2012: Magnetic pole reversal happens all the (geologic) time

Scientists understand that Earth's magnetic field has flipped its polarity many times over the millennia. In other words, if you were alive about 800,000 years ago, and facing what we call north with a magnetic compass in ...

Vikings could have steered by polarized light

(PhysOrg.com) -- The Vikings are said to have been able to navigate with the aid of "sunstones" that allowed them to see the sun on cloudy or foggy days. Now scientists in Hungary and Sweden say the sunstones could have been ...

Birds evolved compass 'head up display'

(PhysOrg.com) -- Certain birds may have compass information mapped directly onto their vision, much as fighter pilots have ‘head up displays’ overlaying flight information on their view of the skies.

Shipwreck find could be legendary 'sunstone'

An oblong crystal found in the wreck of a 16th-century English warship is a sunstone, a near-mythical navigational aid said to have been used by Viking mariners, researchers said on Wednesday.

A molecular compass for bird navigation

Each year, the Arctic Tern travels over 40,000 miles, migrating nearly from pole to pole and back again. Other birds make similar (though shorter) journeys in search of warmer climes. How do these birds manage to traverse ...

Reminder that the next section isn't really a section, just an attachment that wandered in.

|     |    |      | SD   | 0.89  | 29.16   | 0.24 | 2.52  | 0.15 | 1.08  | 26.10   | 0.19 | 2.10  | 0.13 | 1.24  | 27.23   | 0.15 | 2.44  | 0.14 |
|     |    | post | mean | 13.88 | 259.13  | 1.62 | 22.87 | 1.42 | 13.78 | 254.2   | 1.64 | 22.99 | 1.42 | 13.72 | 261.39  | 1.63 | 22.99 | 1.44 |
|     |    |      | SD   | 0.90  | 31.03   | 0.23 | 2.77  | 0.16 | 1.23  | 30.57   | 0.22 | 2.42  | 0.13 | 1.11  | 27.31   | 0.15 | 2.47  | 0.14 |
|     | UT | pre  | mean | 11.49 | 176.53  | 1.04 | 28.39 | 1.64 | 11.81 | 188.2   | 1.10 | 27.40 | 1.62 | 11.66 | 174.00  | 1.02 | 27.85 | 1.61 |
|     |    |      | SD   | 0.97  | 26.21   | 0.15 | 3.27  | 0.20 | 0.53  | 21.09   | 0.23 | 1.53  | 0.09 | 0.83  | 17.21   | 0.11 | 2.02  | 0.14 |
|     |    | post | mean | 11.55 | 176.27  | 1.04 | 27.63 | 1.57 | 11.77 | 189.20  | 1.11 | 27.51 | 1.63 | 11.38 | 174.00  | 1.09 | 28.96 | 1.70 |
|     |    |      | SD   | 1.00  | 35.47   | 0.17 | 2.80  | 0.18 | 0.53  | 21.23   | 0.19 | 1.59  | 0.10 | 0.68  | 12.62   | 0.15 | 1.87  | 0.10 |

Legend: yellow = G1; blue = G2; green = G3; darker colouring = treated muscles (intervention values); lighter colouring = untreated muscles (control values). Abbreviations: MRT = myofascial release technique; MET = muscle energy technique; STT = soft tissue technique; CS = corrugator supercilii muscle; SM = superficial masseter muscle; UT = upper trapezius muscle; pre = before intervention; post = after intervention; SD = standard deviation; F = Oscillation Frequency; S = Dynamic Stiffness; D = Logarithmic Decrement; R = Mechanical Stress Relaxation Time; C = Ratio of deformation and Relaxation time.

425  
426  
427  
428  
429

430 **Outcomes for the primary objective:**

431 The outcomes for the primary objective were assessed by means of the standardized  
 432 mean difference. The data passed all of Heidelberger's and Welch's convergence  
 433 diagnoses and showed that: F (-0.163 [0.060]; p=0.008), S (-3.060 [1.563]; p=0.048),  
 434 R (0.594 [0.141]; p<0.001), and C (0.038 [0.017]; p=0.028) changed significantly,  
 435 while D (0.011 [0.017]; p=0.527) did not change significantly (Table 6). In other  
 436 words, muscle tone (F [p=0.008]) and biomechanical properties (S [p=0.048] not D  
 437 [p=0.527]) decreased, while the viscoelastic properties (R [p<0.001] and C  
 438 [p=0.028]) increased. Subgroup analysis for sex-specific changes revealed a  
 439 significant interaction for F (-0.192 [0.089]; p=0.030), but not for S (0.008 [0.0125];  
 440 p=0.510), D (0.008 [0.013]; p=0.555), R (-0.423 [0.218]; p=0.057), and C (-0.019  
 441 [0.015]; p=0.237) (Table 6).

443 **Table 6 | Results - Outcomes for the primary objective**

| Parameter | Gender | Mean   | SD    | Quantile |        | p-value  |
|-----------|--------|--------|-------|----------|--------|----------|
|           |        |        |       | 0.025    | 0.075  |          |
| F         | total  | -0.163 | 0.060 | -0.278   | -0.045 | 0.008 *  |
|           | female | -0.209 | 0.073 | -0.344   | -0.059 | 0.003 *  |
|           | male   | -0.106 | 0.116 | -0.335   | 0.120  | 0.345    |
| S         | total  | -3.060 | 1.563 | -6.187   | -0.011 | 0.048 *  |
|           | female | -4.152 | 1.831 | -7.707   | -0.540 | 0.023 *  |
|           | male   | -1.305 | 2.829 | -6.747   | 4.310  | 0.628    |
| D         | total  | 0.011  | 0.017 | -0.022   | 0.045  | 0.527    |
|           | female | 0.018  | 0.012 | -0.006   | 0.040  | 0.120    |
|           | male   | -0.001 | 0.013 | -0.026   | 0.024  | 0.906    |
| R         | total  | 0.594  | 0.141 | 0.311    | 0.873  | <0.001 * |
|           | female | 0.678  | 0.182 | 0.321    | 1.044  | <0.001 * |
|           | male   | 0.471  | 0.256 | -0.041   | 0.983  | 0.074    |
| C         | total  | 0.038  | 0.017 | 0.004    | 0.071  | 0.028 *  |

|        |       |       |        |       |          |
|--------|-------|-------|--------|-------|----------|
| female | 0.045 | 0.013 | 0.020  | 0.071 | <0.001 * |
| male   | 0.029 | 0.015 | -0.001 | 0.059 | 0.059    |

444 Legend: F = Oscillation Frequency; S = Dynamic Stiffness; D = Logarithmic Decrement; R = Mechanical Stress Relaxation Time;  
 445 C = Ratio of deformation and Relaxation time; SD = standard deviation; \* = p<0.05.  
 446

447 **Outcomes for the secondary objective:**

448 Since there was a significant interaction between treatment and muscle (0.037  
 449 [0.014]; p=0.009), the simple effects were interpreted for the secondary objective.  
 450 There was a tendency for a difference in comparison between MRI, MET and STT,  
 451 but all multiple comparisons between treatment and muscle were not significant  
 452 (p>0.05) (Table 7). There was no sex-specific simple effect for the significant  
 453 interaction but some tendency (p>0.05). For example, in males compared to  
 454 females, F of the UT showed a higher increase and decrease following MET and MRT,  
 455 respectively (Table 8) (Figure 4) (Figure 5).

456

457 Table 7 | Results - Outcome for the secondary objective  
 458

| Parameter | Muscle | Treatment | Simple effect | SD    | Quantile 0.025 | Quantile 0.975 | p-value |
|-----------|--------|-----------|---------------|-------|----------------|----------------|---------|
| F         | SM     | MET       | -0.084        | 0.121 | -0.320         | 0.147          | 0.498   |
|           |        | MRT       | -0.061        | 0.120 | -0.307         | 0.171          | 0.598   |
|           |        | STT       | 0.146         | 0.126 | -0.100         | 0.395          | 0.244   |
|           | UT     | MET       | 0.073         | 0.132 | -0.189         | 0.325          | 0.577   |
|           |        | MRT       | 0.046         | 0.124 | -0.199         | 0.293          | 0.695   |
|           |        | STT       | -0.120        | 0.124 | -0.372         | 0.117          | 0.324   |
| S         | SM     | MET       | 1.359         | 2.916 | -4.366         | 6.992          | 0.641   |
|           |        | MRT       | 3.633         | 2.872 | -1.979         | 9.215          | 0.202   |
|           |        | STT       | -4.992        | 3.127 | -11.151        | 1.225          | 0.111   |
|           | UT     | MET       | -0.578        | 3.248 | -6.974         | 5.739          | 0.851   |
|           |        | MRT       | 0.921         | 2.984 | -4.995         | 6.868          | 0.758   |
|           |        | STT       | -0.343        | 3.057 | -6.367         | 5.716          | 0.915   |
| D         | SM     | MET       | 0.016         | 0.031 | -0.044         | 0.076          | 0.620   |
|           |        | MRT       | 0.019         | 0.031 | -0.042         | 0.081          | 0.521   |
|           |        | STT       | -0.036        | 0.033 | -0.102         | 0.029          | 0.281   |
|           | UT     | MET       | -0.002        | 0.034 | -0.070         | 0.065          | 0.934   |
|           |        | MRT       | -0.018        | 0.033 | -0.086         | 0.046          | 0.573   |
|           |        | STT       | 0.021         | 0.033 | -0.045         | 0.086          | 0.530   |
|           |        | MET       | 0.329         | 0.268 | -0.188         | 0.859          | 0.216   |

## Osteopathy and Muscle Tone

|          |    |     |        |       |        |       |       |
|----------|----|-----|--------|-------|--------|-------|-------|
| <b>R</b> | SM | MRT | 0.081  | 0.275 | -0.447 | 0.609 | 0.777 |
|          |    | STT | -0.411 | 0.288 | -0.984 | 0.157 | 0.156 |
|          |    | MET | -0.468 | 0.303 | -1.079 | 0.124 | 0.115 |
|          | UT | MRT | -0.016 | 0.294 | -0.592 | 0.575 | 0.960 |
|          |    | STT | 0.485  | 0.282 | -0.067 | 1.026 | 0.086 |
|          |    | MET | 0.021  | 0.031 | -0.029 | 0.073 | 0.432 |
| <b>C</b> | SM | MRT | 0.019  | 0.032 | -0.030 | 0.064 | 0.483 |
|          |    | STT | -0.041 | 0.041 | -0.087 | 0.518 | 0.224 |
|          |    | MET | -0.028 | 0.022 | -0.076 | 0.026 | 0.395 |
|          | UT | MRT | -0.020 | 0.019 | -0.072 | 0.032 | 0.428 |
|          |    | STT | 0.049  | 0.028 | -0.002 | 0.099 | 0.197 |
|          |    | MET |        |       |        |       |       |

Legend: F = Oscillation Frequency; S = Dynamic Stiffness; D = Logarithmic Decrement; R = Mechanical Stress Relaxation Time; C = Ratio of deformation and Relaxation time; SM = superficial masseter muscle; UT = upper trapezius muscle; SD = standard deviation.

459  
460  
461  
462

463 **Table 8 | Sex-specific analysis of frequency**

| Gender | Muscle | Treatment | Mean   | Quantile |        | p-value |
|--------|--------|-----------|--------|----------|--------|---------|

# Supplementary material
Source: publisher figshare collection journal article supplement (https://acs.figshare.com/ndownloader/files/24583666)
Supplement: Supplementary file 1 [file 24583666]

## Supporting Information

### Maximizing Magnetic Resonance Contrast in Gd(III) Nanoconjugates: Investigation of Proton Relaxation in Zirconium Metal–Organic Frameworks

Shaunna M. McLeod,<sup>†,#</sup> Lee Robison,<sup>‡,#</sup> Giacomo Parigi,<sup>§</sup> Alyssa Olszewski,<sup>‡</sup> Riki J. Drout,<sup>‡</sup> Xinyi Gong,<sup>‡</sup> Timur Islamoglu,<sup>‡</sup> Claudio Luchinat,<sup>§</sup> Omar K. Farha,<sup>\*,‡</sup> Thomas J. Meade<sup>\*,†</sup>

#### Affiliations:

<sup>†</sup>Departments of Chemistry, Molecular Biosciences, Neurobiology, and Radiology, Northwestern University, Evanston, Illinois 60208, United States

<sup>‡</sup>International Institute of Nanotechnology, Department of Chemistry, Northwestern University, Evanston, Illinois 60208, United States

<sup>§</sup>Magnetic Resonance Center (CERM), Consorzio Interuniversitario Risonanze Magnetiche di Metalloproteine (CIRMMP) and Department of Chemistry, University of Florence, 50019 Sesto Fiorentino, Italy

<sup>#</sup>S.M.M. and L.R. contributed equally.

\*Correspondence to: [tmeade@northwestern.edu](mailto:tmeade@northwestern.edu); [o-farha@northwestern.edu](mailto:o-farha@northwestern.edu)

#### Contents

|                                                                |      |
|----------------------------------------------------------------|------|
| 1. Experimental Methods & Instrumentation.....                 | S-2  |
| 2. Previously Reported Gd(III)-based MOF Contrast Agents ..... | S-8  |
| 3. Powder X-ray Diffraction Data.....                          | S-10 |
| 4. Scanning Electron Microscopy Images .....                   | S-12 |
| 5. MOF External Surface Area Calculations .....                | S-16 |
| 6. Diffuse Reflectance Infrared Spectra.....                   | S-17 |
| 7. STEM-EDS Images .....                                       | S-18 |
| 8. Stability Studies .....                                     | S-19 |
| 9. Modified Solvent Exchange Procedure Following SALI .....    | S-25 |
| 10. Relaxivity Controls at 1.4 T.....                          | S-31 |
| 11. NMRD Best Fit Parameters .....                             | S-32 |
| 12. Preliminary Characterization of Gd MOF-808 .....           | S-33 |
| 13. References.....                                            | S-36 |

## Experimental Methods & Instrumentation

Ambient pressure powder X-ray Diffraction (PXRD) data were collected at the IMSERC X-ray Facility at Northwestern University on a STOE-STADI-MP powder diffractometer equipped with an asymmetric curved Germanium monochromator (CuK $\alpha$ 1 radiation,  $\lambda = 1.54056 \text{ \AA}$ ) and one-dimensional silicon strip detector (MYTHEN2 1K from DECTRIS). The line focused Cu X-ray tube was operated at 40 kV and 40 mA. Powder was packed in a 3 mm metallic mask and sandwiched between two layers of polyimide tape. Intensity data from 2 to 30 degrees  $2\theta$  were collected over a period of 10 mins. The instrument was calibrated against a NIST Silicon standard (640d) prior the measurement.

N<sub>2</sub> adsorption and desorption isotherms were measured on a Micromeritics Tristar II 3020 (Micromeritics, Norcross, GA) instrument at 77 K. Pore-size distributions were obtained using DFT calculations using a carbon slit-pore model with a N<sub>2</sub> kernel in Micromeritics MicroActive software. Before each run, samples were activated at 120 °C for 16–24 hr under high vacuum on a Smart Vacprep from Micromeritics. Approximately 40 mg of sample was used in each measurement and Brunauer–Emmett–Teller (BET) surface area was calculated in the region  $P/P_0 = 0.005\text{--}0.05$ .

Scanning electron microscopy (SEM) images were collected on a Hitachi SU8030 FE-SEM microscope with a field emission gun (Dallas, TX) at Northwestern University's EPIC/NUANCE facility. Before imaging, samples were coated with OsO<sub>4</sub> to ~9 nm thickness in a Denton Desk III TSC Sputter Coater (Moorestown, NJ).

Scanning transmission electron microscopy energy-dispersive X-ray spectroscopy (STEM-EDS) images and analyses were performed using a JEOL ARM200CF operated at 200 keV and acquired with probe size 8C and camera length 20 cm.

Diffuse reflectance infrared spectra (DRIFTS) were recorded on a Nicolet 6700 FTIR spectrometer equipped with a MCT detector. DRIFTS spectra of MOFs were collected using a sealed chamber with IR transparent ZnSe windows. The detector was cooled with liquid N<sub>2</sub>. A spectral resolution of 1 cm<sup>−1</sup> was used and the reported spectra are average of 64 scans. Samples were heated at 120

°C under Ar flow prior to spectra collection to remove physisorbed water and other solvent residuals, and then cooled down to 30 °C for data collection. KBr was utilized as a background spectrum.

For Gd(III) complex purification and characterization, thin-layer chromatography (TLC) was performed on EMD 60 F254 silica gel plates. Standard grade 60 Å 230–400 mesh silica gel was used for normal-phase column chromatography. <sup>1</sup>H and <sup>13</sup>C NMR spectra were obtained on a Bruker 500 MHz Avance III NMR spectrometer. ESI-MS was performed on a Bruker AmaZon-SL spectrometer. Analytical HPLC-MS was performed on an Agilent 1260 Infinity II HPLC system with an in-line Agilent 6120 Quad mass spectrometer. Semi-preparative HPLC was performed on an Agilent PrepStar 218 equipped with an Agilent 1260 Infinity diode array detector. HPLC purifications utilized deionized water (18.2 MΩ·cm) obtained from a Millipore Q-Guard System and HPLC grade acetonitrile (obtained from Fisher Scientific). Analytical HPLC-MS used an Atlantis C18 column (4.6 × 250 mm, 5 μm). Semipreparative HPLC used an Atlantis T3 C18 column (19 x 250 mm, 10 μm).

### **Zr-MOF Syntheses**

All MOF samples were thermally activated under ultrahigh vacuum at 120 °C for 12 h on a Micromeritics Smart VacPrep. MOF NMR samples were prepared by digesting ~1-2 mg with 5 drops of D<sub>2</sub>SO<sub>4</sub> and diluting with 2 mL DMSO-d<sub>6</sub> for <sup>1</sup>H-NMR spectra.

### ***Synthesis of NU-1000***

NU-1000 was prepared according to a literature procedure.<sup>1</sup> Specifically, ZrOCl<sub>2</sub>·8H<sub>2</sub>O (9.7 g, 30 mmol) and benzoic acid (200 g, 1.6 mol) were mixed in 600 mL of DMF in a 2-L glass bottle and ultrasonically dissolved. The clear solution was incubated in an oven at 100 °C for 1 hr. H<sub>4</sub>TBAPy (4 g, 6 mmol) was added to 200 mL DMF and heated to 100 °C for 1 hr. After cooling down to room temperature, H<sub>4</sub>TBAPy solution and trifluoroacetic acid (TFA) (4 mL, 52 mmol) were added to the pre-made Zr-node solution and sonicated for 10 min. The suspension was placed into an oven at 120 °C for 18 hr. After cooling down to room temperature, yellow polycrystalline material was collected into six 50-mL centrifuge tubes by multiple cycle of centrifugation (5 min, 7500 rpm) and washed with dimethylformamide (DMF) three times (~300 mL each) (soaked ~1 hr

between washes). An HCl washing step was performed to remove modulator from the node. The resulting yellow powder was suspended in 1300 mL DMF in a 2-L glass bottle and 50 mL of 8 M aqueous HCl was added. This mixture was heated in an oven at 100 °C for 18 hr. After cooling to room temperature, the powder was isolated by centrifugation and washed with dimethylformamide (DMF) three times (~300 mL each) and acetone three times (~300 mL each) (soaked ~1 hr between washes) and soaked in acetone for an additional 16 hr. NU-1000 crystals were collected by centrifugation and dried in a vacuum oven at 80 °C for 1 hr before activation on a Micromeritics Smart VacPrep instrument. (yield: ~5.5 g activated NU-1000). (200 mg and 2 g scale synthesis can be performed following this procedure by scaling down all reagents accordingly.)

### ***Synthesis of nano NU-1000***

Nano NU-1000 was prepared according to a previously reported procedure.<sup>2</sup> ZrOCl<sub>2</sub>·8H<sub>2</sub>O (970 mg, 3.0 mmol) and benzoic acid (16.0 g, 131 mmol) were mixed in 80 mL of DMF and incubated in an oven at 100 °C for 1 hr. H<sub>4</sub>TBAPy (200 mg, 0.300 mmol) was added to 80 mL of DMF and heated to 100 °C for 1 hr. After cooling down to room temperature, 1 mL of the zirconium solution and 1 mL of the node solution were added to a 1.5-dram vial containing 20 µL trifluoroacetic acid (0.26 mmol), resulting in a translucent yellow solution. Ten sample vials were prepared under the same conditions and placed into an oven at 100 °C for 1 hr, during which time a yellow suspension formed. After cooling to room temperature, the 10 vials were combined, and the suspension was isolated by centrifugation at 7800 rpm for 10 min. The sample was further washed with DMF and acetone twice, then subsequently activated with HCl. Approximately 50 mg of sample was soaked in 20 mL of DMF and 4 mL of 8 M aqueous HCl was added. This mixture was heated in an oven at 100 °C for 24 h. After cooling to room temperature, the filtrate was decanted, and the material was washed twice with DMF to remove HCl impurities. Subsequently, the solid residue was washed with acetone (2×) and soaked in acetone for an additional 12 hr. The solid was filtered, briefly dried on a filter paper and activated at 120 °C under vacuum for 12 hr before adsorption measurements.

Hide and seek with a quantum compass

How would you look for something that can be in two 'places' at once? The answer, according to Oxford University research into a quantum phenomenon called superposition, seems to be to ask where it isn't rather than where ...

Microscopic gyroscopes, the key for motion sensing

(PhysOrg.com) -- Tiny devices made possible by combining the latest advances in mechanical and electronics technology could be at the heart of next-generation personal navigation and vehicle stabilisation tools thanks to ...

Migratory birds eye-localized magnetoreception for navigation

Migratory birds use a magnetic compass in their eye for navigation. The involved sensory mechanisms have long remained elusive, but now, researchers have revealed exactly where in the eye avian navigation is situated.

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